The binding of transcription factors (TFs) to specific regulatory elements is a primary mechanism for controlling gene transcription. Promoter region is the control center for such transcription regulation, where multiple transcription factor binding sites (TFBSs) are clustered forming specific regulatory modules (4). A comparative genome study found that the complexity of the organism is not correlated to the number of genes (5) but to the complexity of gene regulation systems. Recent studies (6,7) document that the richness of transcript variants stemming from multiple transcription start sites (TSSs) in the vast majority of mammalian gene loci are controlled in various ways at the promoter level. In brief, dynamic gene regulation is achieved through multi-level manipulation in which transcription level control is an essential step. The sophisticated gene regulatory modes characterized by a set of TFBSs determine when, where and how gene will express based on the integration of internal and external signals. Broad gene groups are subjected to different regulatory programs as shown in (8). Thus, identification of the structure and organization of TFBSs in promoters is the primary step towards gaining understanding of the gene's transcription regulation. However, detection of functional TFBSs is challenging due to features such as short motif length, high degeneration and flexible distance location. Position weight matrix (PWM) approach has been widely used in TFBS detection although high false positive rate is the main drawback (9). Comparative genomic approach that searches for highly preserved motifs across different species has been applied to improve the accuracy of prediction (10). The method has been corroborated in a genome-wide screen for high-affinity ERE in human and mouse (11). Through analyzing remarkably consistent patterns in orthologous promoters, we aim to provide highly selective promoter motifs that could be involved in the control of transcription of genes responsive to estrogen.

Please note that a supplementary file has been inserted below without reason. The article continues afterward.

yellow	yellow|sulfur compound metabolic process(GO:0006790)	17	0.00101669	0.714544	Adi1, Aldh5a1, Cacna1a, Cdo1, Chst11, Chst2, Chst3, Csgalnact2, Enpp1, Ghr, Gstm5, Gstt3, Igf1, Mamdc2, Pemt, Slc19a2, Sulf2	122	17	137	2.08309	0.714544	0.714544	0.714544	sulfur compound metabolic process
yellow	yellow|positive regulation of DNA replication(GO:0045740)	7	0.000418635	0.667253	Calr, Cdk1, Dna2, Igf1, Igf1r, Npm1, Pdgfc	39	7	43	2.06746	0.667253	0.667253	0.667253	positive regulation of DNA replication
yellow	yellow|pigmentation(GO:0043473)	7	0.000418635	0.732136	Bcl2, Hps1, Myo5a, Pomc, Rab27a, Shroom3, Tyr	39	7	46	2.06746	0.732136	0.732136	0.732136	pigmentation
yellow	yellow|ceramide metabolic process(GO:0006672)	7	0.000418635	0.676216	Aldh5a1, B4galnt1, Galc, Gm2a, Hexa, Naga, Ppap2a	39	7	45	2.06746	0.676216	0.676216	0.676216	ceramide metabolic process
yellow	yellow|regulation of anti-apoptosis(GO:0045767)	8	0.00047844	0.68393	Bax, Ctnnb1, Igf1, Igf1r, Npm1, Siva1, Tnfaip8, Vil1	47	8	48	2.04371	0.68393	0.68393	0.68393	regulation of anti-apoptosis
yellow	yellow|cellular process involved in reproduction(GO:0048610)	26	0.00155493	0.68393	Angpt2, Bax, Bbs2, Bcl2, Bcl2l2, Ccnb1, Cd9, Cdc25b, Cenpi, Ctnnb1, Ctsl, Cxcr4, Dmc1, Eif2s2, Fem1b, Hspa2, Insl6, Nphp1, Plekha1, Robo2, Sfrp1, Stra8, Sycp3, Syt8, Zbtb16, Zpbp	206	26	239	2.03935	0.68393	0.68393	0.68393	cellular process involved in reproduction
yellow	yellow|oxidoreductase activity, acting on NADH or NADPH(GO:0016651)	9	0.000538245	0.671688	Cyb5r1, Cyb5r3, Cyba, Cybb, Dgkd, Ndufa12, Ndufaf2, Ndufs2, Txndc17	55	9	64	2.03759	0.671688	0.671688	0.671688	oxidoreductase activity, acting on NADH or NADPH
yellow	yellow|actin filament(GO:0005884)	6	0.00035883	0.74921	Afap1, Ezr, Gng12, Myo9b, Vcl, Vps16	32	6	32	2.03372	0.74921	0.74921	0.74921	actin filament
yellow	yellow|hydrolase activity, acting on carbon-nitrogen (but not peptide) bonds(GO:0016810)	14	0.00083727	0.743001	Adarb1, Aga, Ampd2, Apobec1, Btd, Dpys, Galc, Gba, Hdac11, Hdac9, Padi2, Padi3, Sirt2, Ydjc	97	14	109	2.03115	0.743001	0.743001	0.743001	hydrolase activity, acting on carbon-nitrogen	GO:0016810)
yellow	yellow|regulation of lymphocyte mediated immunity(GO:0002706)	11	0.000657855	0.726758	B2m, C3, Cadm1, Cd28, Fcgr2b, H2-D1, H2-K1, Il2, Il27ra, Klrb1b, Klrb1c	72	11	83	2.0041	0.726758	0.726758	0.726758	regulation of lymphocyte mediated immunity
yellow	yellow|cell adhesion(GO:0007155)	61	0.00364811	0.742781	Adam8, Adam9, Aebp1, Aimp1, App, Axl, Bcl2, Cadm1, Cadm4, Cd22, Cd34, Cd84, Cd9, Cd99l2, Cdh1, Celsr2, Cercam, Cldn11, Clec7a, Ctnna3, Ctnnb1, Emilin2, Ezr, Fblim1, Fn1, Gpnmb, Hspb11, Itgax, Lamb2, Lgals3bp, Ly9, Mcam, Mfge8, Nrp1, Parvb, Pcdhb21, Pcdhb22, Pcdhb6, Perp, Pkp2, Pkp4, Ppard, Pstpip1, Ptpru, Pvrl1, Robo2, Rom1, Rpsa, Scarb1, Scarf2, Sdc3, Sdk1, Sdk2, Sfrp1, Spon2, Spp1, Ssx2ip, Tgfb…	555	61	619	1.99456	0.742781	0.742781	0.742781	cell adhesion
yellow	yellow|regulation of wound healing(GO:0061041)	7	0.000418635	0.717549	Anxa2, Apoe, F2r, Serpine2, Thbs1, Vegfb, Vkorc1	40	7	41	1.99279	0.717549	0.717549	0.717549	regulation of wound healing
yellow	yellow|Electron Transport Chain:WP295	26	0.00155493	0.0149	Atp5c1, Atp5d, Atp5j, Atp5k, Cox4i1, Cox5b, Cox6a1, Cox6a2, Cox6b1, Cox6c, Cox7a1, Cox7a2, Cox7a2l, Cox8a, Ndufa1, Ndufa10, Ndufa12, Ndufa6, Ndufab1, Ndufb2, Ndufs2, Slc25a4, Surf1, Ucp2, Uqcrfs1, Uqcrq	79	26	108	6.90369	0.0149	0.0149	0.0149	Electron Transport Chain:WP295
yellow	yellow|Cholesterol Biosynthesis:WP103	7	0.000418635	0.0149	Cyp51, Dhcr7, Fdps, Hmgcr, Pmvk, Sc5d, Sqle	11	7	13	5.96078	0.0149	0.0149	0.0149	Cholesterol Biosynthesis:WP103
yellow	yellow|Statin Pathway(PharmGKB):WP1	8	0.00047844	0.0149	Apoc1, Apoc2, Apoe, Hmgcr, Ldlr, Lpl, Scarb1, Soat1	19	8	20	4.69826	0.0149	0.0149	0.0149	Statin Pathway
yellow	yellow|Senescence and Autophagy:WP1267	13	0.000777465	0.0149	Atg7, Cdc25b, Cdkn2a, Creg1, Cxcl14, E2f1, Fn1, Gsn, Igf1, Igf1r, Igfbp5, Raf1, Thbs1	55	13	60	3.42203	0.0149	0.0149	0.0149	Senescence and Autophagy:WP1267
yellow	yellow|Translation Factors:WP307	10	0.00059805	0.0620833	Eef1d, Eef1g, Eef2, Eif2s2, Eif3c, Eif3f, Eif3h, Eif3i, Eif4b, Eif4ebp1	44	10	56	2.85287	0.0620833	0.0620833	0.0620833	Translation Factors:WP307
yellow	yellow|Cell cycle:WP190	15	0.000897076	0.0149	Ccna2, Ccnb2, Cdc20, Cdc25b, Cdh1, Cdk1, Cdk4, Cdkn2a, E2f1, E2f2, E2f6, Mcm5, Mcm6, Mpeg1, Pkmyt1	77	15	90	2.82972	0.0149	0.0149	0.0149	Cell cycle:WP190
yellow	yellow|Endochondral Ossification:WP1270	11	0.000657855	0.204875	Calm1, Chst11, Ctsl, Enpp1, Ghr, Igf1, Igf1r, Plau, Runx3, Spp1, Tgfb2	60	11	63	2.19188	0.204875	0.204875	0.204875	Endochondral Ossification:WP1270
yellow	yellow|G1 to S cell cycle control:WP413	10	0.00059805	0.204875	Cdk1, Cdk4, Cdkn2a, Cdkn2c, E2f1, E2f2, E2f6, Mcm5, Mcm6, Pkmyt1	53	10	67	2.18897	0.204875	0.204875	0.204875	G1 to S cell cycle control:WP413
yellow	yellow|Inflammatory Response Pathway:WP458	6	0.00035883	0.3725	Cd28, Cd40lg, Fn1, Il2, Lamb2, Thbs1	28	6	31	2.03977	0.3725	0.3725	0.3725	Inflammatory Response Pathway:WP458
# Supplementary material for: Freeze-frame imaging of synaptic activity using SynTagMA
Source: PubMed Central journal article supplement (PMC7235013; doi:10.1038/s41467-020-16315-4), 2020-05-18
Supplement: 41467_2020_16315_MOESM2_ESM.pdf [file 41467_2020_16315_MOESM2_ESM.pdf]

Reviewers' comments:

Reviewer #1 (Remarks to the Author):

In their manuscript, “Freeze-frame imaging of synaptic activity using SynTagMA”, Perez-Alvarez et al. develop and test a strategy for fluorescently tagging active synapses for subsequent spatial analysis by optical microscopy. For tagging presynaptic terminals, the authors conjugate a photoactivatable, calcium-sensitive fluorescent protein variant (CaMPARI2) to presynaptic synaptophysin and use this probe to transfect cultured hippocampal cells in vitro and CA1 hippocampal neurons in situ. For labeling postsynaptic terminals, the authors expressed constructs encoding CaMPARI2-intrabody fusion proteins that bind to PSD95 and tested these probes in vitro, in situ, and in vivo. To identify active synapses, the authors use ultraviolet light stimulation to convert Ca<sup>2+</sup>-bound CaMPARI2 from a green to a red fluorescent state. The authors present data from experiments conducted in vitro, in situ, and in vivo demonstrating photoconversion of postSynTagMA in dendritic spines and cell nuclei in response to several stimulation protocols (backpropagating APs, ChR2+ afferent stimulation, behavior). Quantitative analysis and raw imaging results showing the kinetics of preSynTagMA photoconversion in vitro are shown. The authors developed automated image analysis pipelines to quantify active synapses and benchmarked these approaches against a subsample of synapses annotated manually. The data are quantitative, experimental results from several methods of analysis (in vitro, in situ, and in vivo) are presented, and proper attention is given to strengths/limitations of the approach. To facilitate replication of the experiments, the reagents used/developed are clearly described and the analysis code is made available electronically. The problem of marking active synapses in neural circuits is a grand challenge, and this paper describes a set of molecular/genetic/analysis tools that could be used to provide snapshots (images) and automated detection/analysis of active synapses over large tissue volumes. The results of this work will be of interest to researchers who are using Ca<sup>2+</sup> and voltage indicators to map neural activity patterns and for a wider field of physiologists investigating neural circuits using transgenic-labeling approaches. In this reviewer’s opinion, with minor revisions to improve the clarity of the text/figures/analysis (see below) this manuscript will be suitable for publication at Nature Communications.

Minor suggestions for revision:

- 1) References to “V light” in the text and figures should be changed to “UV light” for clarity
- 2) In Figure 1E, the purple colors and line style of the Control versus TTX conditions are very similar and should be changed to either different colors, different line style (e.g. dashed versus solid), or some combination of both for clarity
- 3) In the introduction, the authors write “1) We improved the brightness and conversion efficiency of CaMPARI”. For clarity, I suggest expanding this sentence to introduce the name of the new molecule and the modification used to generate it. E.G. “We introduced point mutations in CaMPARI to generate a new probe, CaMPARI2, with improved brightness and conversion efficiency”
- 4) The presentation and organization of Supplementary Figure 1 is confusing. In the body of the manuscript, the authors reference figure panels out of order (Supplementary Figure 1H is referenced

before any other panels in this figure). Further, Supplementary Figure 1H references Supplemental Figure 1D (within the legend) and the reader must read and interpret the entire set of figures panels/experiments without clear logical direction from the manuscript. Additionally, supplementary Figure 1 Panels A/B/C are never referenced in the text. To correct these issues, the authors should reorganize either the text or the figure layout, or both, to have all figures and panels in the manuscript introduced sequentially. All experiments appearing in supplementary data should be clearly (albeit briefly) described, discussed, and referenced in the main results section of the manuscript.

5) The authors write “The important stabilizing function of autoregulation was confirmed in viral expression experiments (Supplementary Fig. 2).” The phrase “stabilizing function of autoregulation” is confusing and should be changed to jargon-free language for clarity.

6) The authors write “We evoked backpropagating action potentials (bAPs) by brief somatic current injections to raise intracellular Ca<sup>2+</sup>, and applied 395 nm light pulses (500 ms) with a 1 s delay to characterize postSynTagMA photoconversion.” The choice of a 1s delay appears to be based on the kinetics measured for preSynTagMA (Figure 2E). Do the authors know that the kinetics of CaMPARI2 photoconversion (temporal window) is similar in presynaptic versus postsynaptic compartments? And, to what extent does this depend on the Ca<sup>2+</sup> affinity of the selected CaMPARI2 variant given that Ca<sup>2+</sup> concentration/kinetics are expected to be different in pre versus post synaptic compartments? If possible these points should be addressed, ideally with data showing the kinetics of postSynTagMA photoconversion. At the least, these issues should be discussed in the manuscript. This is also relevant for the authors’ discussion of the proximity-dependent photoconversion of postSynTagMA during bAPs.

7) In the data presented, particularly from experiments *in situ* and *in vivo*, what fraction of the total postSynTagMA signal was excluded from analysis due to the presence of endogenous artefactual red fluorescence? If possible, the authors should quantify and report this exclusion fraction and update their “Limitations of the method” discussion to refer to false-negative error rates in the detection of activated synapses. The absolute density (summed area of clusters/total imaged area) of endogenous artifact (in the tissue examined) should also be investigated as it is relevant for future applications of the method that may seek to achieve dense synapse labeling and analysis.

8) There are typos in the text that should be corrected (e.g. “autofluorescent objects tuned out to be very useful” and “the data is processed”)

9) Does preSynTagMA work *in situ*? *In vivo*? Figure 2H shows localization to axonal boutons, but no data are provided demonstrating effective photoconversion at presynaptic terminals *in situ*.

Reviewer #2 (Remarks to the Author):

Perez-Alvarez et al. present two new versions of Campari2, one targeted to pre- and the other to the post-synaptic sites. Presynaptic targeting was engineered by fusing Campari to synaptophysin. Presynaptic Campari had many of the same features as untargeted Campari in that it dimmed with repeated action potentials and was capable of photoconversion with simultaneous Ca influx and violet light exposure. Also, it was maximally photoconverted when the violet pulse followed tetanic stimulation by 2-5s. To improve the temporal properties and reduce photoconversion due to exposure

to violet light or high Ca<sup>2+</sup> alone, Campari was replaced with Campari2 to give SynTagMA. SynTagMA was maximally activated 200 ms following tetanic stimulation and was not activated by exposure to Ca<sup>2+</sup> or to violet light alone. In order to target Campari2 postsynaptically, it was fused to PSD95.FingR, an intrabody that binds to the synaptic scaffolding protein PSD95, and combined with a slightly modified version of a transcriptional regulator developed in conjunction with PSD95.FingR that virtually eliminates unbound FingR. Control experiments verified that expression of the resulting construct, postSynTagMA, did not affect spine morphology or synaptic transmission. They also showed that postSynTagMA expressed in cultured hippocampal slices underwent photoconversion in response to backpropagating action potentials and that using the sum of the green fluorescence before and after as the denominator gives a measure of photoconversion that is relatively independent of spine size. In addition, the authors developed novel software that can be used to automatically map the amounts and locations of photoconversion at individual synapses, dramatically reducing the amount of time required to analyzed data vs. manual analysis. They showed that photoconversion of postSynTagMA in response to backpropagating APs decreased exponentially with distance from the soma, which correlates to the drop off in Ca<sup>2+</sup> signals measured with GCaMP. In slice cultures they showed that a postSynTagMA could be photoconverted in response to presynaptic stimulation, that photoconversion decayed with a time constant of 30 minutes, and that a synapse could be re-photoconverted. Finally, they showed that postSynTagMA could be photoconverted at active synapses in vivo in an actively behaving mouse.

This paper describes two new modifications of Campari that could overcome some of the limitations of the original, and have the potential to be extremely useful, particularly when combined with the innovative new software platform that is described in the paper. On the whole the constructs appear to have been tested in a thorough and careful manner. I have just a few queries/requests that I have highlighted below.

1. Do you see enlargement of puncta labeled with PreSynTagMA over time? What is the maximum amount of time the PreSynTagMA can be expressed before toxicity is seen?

In addition to the detection of conserved motifs in promoter regions, mapping these motifs to known TFBS provides hints of the interaction with TFs and the formation of transcription initiation complex. As typical TFs, estrogen receptors (ERs) influence their target genes by either directly binding to ERE or indirectly interacting with a wide range of co-regulators forming complexes that bind to promoters (12). The availability of co-regulators is tissue specific and development stage specific. However, the experimental detection of co-regulators is time and labor consuming. In KBERG, we provided partial solution regarding these issues by matching the highly preserved motifs in promoters to the TRANSFAC database. This allowed identification of TFBSs that potentially bind identified motifs. As a result, we found that SP1-binding site is the most frequent TFBS in promoter regions in our collection. This prediction result is in good concordance with promoter deletion studies that specifies the essential role of ER/SP1 complex for gene's response to estrogen at transcription level (13,14). The top 10 most frequently found TFBSs are given on the KBERG website under the section ‘Statistic’.

Systematic assessment of gene functionality can help us to understand the complexity of living cells. It can be achieved by studying genes that share similarities in sequence and expression. Co-expression is a biological property that reflects functional relationship among a group of genes. Co-expressed genes tend to share certain regulatory mechanism by using similar sets of TFs. The phenomenon of co-expression can also be a result of the biological dependency among a group of proteins. It has been observed that proteins working closely in the same interaction network are also likely to be co-expressed under the same biological condition. Sets of NF-κB target genes were overexpressed in aggressive breast cancer comparing with non-aggressive breast cancer (15). Thus, clustering genes based on their expression profile is one method to potentially deduce gene functional characteristics.